Keeping A Tennessee Teacher’s License May Become Harder

Education Commissioner Kevin Huffman says the board would gradually phase in the higher Praxis scores over the next decade. Credit Gov. Bill Haslam's Flickr stream

Education Commissioner Kevin Huffman says the board would gradually phase in the higher Praxis scores over the next decade. Credit Gov. Bill Haslam’s Flickr stream

Tennessee’s School Board signaled last week it could soon get harder for the state’s teachers to stay licensed.  Under the proposal, those with years of bad evaluations or low test scores would see their licenses expire, and have to work for renewal.

The proposal would automatically renew licenses for good teachers.  But a new teacher steadily scoring at the bottom of the state’s 1-to-5 scale most years would eventually lapse, says Education Commissioner Kevin Huffman.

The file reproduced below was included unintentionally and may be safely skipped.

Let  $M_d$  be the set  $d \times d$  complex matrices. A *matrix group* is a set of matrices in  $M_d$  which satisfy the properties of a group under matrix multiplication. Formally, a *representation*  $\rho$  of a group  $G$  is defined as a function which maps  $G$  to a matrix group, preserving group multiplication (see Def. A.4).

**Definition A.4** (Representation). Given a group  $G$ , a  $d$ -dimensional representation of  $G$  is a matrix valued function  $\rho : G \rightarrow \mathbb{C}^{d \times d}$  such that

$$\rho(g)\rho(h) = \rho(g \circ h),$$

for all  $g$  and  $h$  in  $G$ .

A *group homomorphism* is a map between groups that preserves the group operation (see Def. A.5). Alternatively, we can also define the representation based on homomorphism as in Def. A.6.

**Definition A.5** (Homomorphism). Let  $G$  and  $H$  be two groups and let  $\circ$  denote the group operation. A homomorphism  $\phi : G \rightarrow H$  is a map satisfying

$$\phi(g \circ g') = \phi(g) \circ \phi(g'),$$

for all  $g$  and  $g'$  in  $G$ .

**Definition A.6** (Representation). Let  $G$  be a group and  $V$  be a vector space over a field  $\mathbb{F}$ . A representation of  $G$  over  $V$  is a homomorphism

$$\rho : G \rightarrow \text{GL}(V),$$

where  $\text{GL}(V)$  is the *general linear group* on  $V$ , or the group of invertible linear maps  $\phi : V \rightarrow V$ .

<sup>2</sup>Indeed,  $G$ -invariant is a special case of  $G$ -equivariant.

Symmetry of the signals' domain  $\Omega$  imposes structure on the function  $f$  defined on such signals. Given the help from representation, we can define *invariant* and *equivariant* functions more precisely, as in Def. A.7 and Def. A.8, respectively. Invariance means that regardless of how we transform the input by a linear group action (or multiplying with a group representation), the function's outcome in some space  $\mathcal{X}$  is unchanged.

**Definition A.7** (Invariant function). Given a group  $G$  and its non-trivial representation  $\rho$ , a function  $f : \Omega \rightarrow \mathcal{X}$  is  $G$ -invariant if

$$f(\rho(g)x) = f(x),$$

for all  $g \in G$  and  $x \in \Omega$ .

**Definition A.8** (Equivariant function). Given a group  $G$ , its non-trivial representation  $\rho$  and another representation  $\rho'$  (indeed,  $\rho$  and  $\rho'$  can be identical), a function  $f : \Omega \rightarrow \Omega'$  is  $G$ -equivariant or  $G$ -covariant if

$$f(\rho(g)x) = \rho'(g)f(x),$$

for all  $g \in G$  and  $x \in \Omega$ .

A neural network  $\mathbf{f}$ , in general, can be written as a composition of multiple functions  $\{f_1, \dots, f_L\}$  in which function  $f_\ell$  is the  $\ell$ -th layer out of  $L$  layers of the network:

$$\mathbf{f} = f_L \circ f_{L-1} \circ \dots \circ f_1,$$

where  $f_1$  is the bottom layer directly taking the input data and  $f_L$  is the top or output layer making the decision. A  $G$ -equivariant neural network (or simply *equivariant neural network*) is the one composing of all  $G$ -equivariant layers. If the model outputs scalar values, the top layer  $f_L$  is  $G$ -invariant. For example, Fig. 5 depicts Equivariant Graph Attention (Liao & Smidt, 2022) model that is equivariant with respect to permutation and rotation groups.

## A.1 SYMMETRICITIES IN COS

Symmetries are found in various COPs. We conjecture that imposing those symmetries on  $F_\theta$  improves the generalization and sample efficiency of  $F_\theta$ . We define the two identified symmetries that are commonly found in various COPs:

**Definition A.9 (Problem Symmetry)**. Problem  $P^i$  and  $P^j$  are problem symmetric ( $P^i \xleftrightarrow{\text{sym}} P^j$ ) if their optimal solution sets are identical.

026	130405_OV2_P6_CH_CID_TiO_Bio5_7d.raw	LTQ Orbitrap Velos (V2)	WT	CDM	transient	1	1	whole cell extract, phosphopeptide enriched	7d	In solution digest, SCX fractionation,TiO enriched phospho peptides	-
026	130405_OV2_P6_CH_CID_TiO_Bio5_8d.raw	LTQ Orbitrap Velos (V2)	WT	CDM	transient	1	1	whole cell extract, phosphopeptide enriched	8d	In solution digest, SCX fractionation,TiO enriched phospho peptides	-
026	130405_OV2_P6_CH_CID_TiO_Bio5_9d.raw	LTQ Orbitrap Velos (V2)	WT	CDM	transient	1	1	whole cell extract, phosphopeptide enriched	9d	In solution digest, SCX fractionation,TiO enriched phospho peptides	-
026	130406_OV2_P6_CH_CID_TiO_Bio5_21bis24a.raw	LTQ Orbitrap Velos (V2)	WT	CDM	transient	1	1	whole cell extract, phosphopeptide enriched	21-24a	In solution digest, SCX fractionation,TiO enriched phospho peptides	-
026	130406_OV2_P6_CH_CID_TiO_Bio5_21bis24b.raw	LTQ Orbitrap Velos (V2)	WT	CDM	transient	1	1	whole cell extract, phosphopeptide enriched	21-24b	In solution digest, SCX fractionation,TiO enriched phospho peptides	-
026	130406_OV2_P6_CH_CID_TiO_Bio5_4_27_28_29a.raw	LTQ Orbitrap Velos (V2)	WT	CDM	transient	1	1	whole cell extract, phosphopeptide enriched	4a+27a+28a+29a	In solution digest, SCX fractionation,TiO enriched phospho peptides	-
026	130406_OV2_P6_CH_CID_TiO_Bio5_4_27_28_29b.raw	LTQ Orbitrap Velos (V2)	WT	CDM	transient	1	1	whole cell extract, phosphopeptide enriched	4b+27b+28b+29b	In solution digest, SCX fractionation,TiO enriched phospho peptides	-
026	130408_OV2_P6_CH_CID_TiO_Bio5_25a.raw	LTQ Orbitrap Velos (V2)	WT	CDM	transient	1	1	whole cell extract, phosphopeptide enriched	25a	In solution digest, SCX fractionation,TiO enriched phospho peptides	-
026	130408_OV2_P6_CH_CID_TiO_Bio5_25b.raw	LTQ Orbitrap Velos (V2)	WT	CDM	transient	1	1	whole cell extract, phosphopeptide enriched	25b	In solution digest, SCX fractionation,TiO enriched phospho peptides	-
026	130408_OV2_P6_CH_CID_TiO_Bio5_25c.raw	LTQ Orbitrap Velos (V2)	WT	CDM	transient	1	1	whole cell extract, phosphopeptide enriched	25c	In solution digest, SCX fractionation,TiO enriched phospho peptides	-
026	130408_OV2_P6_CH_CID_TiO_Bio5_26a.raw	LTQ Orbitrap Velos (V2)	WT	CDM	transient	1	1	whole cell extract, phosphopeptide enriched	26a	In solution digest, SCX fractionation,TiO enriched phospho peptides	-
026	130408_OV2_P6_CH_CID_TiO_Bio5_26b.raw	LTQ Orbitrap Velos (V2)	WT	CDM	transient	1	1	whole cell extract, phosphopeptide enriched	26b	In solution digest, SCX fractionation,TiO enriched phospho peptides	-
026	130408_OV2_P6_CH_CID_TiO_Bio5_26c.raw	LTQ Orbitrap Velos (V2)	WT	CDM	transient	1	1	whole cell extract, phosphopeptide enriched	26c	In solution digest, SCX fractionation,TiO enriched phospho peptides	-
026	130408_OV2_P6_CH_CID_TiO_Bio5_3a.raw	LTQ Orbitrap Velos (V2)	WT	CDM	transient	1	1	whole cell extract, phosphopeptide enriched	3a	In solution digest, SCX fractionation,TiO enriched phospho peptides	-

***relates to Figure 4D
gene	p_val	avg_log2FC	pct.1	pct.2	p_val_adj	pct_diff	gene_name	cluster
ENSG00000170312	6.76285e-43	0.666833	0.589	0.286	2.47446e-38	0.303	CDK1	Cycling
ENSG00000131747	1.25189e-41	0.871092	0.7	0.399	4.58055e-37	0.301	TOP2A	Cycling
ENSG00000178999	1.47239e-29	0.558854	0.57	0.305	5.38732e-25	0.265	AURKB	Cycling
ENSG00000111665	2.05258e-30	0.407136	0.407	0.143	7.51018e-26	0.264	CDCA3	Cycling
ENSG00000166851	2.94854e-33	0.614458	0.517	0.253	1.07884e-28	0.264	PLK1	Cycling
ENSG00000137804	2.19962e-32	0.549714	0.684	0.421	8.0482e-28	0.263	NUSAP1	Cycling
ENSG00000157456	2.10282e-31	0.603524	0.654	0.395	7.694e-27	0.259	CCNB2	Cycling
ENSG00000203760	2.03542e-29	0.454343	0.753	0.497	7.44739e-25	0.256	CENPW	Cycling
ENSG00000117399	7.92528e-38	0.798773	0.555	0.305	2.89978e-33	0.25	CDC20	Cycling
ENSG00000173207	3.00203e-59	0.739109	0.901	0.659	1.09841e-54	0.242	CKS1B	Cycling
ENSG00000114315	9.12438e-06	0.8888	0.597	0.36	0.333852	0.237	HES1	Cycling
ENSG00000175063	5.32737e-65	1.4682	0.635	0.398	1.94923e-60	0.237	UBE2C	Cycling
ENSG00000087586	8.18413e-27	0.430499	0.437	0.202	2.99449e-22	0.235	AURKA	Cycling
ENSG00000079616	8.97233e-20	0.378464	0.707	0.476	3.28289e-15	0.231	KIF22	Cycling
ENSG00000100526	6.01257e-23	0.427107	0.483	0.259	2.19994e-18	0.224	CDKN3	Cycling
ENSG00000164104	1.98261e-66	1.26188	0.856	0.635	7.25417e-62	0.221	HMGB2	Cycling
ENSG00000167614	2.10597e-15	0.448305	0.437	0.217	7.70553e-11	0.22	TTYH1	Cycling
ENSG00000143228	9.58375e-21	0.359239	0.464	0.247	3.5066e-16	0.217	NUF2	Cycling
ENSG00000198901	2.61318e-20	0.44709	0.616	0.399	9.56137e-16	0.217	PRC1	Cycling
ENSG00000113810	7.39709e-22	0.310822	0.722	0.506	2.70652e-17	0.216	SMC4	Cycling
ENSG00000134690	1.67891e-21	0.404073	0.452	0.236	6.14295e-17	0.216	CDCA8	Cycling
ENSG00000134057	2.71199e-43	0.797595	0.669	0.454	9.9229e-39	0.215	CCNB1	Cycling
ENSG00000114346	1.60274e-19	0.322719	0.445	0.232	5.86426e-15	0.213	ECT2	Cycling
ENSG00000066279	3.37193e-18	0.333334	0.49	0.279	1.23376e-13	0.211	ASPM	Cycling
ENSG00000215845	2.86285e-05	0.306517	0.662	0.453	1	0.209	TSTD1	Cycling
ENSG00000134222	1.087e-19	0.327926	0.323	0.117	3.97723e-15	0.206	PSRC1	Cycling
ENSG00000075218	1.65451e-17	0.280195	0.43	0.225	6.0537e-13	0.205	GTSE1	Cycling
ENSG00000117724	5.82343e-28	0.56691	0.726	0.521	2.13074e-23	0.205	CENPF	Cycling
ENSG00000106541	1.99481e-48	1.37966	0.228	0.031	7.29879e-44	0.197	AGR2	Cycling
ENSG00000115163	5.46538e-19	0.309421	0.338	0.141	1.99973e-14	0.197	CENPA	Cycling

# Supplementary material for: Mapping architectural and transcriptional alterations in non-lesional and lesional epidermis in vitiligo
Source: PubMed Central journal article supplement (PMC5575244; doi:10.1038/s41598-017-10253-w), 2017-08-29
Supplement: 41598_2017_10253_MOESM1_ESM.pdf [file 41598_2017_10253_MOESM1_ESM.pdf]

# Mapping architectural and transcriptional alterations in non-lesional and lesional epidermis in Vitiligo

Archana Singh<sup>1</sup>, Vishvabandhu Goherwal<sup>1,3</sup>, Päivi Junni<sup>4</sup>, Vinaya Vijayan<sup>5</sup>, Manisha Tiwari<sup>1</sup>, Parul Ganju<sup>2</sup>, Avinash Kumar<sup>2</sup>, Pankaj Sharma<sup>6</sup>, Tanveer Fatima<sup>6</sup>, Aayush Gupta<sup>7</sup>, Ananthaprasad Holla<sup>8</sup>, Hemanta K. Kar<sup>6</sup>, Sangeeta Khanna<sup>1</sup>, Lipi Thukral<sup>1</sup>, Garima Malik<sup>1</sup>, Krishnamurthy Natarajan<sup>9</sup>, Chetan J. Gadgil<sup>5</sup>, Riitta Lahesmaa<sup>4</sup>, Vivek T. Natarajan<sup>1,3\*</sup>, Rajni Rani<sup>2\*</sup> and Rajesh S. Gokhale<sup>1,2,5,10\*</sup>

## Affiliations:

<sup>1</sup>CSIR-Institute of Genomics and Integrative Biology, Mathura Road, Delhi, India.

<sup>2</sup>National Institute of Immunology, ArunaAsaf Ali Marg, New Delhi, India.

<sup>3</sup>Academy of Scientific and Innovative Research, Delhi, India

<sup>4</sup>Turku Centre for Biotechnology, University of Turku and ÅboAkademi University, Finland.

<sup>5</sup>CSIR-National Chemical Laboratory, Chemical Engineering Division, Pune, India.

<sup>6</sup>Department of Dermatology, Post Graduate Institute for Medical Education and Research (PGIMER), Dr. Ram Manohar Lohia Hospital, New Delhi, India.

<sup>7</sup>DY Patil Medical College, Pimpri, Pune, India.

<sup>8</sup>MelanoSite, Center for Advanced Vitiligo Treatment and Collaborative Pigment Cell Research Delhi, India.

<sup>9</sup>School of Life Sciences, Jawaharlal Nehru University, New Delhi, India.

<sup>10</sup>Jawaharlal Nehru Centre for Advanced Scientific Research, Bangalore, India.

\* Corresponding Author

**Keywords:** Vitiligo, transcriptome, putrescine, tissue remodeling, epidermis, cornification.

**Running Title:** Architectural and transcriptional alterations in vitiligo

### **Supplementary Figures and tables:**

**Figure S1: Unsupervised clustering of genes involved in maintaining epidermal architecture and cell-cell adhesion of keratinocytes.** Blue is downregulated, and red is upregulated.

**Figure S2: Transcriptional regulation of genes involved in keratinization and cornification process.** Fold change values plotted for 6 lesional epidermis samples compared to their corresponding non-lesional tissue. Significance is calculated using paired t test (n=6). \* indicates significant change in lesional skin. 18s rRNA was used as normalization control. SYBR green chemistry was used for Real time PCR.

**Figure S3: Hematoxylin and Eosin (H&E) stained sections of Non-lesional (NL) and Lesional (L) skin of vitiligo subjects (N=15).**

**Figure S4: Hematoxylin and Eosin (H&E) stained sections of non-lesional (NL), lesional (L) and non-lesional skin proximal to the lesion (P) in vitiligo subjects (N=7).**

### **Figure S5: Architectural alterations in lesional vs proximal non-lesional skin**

“If she wanted to come back into the classroom she would need to re-enroll in a licensure preparation program.  Go back into a program and if she improved then she would advance to a professional license at the end of that period of time.”

Huffman estimates the policy shift would stop renewal for up to a couple hundred teachers a year.  He also wants to raise cut scores for the Praxis, a test to show new teachers are qualified.  Over the next ten years the proposal is to push Tennessee’s required scores into the top third nationwide.  It passed its first of two required readings in a meeting Friday.

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